27th December 2004
Politically Correct Eid Greetings
Well, the long holidays are over, and the streets of Dhaka are slowly getting back to their normal frenzy. The horns, the put-put of the baby taxis, the bewildered stare of the taxi driver as he tries to interpret the gyrations of the traffic warden, the gentle smile on the bus driver as he parks the bus in the center lane waiting for the passengers to offload the chicken coops on the rooftop, the suicidal pedestrian who tries to cross the road over to Jahangir Tower in Kawran Bajar, the glee on Asma, the flower girl’s face as she spots me, and skips between two trucks, to my bicycle, knowing she has a sure sale, the babu in the back seat with the newspaper covering his face, the blind beggar coughing through the thick black smoke of the BRTC double-decker are some of the familiar signs that tell me that there is stability in my life and the world has not changed. In this season of greetings, and eco conscious, politically correct messages, I send you a recycled, lead-free wish.
May you find a way to travel
From anywhere to anywhere
In the rush hour
In less than an hour
And when you get there
May you find a parking space
The year has had its usual ups and downs for Drik, but the adrenaline flowing due to the constant crisis management during Chobi Mela has everyone hyped up. The big show on the 10th January looms. The hits in the web site have climbed regularly, and the December total of 105,857 hits is an all time record for us. It’s a credit to you all for having stuck with us for so long.
Thank you. Thank you. Thank you.
May the good light be with you.
Wed Jan 3, 2001
The streets of Dhaka looked far from festive last night. The eerie glow of the sodium lamps lit the mounted police and their dogs. There were said to be 5000 in the streets. The barbed wire barricades and the stop searches, put a damper on the marauding young men prowling the streets, but the packed dance floor at the Gulshan Club seemed unaffected by it all. The TSC corner at Dhaka University, on the other hand, was an all male affair. The police presence was not reassuring enough for women to enter the macho fray.
As I opened the greeting cards that wished me well for the new season, I kept remembering how different was Eid for the Afghans from Christmas for the US Marines.
I remembered my delight as a child, when we would look out of the rooftops for the new moon. We would bathe early in the morning and go out with our friends, all decked in our new clothes. Alert to the idea that a few smart salaams could net some extra pocket money.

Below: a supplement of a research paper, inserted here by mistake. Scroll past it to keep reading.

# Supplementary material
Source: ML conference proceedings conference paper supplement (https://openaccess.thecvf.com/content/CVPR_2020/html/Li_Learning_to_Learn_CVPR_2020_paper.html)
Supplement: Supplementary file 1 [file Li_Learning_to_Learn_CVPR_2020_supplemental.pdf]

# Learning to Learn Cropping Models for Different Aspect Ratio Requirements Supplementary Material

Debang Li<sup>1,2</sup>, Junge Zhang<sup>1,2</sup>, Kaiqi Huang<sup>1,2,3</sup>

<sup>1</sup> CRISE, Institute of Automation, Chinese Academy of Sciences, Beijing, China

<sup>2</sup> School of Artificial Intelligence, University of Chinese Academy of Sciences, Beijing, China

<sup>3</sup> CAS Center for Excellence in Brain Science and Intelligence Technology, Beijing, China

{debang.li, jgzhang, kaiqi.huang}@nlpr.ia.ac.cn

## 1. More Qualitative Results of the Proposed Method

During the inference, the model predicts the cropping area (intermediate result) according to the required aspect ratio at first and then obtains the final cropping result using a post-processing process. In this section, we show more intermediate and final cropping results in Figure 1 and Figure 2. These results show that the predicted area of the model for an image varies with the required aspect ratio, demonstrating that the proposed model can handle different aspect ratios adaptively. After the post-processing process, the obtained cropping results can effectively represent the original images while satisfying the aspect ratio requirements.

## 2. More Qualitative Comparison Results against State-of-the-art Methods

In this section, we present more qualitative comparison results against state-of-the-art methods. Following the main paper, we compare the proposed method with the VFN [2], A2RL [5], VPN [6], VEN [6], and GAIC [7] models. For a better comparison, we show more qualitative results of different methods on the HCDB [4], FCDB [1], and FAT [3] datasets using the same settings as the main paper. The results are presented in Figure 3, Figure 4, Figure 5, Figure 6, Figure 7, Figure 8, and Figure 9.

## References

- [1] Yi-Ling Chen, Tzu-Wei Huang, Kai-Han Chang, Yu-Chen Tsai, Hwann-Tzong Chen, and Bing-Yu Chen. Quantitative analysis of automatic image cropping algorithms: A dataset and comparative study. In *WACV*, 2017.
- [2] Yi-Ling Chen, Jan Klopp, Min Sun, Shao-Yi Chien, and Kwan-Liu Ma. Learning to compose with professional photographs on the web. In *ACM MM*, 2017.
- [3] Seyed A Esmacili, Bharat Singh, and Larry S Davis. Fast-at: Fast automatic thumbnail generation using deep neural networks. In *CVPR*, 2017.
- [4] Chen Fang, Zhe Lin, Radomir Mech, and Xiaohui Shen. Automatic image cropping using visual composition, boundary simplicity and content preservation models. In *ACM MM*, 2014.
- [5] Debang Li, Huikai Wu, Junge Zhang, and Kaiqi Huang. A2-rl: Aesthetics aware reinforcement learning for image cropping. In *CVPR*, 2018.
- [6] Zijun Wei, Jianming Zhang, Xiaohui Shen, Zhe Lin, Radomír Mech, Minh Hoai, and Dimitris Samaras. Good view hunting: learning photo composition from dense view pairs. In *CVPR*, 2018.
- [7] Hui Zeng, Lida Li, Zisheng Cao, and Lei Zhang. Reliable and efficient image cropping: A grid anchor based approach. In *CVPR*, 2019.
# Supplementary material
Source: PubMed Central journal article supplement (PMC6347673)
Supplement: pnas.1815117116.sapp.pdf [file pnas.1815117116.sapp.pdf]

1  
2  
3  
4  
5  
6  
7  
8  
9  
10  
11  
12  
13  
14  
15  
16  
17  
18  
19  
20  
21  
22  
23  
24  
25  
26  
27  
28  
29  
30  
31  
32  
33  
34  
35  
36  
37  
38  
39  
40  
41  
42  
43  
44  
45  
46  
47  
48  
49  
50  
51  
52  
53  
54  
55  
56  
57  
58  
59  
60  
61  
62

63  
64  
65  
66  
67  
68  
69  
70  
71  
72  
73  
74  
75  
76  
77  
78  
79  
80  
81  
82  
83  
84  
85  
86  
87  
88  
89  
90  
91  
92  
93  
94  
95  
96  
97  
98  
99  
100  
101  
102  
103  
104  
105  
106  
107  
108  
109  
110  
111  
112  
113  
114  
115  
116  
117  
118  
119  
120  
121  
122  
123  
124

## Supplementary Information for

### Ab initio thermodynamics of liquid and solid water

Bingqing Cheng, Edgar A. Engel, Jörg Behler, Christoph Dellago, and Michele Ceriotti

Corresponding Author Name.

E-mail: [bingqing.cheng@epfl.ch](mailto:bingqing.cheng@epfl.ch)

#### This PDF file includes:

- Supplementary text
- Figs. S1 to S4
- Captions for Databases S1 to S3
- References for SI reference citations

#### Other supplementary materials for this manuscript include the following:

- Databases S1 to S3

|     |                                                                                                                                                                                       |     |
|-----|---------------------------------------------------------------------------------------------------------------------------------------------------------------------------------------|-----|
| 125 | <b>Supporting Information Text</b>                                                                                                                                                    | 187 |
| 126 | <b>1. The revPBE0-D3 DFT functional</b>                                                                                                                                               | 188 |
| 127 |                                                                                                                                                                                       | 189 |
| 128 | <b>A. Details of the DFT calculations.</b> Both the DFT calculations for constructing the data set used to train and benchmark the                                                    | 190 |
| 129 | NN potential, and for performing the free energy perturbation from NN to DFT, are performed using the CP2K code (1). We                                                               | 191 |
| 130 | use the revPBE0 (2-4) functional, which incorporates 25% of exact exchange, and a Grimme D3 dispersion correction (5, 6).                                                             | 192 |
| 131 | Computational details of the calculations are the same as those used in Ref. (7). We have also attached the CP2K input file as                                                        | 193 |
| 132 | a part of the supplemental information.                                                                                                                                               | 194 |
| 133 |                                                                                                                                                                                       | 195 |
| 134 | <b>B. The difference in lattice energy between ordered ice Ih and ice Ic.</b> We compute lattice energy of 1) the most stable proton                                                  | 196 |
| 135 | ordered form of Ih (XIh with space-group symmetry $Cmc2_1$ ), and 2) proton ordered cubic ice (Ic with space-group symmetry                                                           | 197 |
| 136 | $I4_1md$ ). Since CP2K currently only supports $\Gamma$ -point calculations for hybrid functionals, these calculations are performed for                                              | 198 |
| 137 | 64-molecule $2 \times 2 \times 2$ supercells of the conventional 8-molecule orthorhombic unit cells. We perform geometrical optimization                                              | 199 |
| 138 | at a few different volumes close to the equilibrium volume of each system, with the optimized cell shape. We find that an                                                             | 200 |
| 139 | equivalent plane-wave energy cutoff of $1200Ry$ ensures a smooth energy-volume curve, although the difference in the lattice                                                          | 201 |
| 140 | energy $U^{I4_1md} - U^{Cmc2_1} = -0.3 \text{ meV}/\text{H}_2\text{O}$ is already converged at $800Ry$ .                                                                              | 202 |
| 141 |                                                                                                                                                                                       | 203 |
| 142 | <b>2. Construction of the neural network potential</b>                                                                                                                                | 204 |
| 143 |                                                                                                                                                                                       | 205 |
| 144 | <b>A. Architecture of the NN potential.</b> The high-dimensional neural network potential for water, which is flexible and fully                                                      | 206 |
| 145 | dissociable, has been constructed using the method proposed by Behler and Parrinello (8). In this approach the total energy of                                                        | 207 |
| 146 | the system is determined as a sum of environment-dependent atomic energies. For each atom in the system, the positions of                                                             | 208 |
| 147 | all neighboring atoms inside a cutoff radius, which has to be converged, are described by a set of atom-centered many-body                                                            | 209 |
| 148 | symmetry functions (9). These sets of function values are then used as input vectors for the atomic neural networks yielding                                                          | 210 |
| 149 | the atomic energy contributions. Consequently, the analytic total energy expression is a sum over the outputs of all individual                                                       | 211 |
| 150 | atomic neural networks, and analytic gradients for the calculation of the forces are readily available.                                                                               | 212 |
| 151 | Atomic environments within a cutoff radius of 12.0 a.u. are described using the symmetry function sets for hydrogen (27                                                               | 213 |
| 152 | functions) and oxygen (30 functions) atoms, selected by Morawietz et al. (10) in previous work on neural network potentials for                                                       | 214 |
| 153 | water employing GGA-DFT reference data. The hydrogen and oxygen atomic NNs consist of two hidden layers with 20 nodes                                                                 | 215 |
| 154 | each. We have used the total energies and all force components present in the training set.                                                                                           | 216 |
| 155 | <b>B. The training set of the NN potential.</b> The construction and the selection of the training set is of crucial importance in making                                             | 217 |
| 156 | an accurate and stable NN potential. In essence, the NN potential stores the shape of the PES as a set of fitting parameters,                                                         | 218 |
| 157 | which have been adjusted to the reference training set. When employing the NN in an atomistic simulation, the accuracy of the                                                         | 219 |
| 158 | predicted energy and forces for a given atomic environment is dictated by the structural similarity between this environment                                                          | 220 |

For Ruhul Amin, in this story by the children of Out of Focus “Season’s Greetings” perhaps has more to do with going back home to the village, than with Christianity or Islam, or the celebration of Bangla or Chinese identity.
“I was born in Mirpur, Dhaka, and I have grown up here. When I was 8 or 9 years old, I went to my village home for the very first time. I loved it there. I met my grandparents from my mother’s and my father’s side, and they were very happy to see me. So I asked my mother, why did you leave everybody here and move to the city?
In the coming days, I wish for you and I, and Ruhul Amin and the children of Out of Focus, less murderous and warmongering leaders.
Tue Jan 1, 2002
It was in the foothills of the Himalayas that he was born. In a bullock cart amidst a snowstorm. It was in the cold chill of January, in the severest winter in Bangladesh’s memory, that he died. Alone and uncared for, the frail old man shrunken with age, but with a heart as wide as the ocean, and a mind as young as the children that he loved, Golam Kasem, nicknamed Daddy, died at the tender age of 104. The single storied yellow building at 73 Indira Road, with its unkempt garden, was home not only to Bangladesh’s oldest photographer, but also the first Bengali Muslim short story writer.
Born on the 5th November 1894, Daddy lost his mother shortly after birth. Brought up by his aunt, the young man took up photography the way many young men take up many things, to impress a young girl. She had promised to cook for him if he could develop a film that others had failed with. Kasem embarked with the same trait for disciplined research, that he maintained till his death. He went round the studios of Mednapur to find out the method that would win him his meal. He never talked of what the meal was like, but did describe how he used a hardner to prevent the emulsion from peeling off. Saving his bus fare to school to buy a brownie camera, he began taking photographs of the things he loved most, animals, flowers and children. And importantly, he preserved those negatives. In his archives, amidst old paper sachets marked in his neat handwriting are glass plates dating back to 1918. The harbour in Calcutta, early steam engines, the Gurkha regiment in shorts, and many many portraits. Period pieces lit in that soft natural light that early studios used.